The fortress qyrq qyz dates back to the 9th century and it is typical of the style of such structures built just prior to the Arab invasion. Thick, mud-brick walls ran 55 m on each side of a square and encompassed some 50 rooms over two floors. Enough remains that you can wander from one obvious room to the next and if you take a guide they will be able to explain the likely function of each space and to imagine the former grandeur of the fortress. Historians and architects believe that there was once a dome over the fortress. Photos by shagayu_po_tashkentu.
The original old city of Termez rests 6 km northwest of the modern Termez, on the north branch of the Amu Darya River. Old Termez was divided by walls into two sectors – Shahristan (city) and Rabad (suburb) occupying more than 500 hectares and a canal once ran through the entire city, which served as the main source of water for local residents. Two sides were further divided to four parts, one being the citadel Qala and the others used to house artisans, blacksmiths, potters, foundry masters and so on. Today only tiny parts of the walls of the early ancient citadel remain. It seems that the Mongols surely knew how to raze a town in 1220. You can still get an impression of the scale and strength of this settlement, which once hosted not only houses, shops and bazaars, but also a mint, caravanserais, orchards and a sophisticated network or irrigation canals. Termez was an important staging post on the caravan route connecting Central Asia with Balkh and India.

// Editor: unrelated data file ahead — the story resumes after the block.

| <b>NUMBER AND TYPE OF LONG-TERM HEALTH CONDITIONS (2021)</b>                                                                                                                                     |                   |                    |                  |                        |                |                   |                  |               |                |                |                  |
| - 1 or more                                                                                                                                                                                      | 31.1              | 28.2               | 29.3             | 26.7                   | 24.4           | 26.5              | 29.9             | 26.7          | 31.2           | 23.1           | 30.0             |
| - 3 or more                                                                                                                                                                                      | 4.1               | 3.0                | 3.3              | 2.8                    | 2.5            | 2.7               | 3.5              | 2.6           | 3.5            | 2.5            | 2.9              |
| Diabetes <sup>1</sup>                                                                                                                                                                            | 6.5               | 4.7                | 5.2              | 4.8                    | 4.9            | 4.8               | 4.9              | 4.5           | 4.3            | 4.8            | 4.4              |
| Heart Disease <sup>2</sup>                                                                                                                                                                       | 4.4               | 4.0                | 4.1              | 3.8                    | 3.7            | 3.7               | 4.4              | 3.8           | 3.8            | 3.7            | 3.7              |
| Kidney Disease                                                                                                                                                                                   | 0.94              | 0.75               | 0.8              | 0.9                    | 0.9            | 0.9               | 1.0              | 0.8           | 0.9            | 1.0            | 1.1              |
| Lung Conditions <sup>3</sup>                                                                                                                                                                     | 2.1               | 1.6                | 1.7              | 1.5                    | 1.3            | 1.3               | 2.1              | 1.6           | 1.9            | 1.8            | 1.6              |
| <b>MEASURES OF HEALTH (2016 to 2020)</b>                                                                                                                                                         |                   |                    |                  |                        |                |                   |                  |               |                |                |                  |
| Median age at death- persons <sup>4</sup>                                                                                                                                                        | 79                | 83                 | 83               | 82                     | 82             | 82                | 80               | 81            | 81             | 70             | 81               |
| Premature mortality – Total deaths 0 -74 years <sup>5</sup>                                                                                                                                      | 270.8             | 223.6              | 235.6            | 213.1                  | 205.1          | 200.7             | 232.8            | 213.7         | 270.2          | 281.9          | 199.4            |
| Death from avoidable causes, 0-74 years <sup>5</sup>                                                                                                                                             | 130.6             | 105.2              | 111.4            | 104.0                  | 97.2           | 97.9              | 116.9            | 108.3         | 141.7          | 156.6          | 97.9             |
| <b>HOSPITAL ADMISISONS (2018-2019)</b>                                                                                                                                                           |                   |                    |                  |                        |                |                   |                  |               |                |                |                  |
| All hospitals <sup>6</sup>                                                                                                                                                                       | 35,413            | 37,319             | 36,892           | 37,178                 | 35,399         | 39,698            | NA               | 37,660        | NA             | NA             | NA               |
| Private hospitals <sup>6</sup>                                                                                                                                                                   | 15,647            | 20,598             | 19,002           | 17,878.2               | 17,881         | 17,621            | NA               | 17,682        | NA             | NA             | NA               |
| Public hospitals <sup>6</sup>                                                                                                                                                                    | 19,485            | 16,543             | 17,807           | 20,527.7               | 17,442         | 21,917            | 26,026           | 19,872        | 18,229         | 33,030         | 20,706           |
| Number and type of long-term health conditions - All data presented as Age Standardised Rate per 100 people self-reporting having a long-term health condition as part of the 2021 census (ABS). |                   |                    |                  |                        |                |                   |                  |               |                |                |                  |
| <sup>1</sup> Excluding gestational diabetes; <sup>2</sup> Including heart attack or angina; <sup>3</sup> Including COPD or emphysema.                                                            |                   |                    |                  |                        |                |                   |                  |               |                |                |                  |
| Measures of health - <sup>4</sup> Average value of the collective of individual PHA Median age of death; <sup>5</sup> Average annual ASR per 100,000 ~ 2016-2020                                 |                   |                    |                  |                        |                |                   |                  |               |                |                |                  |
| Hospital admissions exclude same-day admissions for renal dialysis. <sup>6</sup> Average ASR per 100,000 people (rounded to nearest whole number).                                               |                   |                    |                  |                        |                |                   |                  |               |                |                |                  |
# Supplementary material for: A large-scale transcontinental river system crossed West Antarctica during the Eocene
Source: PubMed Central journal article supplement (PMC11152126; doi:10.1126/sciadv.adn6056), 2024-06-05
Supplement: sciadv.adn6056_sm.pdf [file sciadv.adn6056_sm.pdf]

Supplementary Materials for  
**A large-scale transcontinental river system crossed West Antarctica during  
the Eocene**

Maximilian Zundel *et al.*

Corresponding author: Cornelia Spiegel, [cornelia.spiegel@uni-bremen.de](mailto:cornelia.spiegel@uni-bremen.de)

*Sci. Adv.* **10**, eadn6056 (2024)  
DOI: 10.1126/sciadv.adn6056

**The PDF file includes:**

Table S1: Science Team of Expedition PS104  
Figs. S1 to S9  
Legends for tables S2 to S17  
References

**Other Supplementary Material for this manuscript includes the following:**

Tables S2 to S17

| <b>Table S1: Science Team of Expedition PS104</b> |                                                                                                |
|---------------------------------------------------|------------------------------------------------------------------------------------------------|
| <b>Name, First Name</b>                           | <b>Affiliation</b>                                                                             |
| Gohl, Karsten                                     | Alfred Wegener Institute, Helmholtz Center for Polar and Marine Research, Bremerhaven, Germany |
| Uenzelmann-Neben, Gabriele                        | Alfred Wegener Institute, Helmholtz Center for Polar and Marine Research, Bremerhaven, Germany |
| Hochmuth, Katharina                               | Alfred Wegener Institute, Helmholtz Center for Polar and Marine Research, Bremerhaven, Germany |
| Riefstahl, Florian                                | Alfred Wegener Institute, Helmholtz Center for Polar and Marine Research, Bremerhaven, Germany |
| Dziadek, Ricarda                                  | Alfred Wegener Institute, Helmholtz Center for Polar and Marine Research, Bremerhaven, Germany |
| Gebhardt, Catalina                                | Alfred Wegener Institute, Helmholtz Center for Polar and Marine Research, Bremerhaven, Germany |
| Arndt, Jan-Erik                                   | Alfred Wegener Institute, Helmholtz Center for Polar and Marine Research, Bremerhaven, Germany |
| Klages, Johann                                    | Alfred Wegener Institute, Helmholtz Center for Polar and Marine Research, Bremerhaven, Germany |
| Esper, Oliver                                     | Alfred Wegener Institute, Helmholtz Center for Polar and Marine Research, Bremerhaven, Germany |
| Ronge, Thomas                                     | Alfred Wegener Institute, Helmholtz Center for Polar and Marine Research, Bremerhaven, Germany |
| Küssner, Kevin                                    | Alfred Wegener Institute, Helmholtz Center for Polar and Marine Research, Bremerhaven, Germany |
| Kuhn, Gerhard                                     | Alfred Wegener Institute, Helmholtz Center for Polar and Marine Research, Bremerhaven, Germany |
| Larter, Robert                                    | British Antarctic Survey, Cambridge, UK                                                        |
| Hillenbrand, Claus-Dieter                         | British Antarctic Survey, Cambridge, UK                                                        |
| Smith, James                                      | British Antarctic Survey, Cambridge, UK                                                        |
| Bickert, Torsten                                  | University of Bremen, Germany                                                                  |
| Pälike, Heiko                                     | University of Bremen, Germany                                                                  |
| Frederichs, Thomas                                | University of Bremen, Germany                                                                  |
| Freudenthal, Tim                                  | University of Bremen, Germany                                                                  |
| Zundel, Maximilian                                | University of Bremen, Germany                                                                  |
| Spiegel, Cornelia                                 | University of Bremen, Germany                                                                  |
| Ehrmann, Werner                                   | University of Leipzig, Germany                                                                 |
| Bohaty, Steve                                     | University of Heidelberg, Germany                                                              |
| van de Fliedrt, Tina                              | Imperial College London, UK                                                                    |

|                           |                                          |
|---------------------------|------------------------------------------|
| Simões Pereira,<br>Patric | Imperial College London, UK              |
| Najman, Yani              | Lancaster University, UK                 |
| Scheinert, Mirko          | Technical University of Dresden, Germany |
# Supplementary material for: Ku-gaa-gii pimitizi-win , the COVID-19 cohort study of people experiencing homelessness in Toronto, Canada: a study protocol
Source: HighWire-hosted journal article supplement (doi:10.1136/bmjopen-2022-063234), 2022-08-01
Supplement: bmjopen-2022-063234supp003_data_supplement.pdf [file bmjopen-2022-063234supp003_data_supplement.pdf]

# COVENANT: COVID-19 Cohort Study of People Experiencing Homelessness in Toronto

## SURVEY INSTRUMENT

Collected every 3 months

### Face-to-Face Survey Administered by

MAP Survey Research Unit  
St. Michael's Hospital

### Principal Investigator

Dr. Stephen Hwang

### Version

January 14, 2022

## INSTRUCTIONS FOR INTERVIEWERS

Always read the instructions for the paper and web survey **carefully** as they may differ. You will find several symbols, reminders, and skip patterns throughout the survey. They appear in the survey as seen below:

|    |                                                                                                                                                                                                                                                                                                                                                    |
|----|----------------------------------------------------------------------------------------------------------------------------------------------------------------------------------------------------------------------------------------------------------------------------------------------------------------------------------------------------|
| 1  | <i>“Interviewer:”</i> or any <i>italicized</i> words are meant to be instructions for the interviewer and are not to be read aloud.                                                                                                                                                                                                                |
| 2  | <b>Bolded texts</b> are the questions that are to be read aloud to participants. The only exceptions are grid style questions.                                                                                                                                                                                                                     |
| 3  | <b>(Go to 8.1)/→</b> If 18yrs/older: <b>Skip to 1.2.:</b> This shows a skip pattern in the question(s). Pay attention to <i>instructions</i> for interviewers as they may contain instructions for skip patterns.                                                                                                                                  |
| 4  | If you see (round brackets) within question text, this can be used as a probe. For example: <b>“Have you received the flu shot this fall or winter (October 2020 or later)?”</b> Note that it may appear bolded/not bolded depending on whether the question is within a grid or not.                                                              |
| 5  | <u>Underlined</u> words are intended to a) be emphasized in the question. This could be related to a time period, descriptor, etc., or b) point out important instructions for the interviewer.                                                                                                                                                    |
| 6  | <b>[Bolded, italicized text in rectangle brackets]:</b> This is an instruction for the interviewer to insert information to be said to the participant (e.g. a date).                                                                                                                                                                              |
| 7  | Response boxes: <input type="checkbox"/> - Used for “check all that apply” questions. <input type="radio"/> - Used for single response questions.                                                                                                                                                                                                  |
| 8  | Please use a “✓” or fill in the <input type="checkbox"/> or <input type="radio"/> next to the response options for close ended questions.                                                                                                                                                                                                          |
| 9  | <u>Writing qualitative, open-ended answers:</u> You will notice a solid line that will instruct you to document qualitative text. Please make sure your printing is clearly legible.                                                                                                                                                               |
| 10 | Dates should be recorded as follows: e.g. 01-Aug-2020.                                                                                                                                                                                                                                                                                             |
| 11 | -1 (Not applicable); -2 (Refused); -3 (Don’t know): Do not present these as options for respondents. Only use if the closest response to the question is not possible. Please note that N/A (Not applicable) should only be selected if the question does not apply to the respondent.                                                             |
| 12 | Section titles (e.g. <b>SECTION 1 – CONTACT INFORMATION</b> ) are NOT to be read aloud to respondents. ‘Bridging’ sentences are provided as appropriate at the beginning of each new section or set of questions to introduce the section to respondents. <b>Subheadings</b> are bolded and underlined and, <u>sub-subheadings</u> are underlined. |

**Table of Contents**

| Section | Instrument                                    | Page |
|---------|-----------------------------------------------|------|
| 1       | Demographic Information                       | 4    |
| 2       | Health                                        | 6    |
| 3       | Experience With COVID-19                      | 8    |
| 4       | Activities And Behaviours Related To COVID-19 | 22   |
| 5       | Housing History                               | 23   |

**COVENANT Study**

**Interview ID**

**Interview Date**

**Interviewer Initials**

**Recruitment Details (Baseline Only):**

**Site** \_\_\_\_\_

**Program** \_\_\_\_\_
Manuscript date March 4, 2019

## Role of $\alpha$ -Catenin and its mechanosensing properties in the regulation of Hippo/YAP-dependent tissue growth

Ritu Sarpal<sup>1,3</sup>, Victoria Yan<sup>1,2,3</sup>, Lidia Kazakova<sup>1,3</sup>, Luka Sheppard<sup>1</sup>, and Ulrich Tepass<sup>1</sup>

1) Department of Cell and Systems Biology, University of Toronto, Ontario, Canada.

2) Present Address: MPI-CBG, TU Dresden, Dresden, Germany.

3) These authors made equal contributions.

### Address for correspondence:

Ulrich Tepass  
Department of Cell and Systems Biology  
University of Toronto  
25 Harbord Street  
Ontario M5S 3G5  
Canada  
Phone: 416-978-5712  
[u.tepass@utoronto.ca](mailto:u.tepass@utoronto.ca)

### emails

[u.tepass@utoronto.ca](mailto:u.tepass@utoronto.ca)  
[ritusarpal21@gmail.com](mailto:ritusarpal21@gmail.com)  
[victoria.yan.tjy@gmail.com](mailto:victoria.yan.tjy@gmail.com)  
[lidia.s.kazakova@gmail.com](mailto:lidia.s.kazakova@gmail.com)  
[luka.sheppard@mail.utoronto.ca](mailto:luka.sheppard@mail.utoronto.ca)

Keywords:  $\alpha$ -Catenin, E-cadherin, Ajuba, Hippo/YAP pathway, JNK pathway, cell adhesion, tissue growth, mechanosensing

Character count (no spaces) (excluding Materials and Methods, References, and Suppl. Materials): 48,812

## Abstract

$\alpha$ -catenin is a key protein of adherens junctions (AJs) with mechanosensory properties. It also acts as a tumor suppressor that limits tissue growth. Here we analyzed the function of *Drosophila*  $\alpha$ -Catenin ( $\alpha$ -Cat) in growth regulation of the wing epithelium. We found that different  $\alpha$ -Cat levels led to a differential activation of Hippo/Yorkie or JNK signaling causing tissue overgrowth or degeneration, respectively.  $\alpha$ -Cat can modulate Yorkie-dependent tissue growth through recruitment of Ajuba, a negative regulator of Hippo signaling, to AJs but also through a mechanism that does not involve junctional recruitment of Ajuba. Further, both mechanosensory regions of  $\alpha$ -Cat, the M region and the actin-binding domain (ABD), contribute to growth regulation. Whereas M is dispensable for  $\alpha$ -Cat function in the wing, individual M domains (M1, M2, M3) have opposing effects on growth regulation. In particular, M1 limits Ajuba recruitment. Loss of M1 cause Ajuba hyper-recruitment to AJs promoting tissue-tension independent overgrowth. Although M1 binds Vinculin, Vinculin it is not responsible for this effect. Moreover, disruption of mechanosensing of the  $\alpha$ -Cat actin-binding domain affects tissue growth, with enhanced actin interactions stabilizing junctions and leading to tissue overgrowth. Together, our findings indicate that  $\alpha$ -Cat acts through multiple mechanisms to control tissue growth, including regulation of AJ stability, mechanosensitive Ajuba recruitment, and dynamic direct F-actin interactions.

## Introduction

During the reign of the most ancient dynasty of the Kushan kingdom, the city acquired the name Termit, after which it became the largest religious and administrative center of Northern Bactria. The Kushan rulers adhered to religious tolerance and along with other religions, Buddhism was revered and flourished. Furthermore, In the Kushan period, the large administrative and ideological center of the Northern Bactria was the city of Tarmit with several Buddhist monasteries – Fayaztepa and Qoratepa. The Kushan rulers adhered to religious tolerance, here, along with other religions, Buddhism was revered and flourished.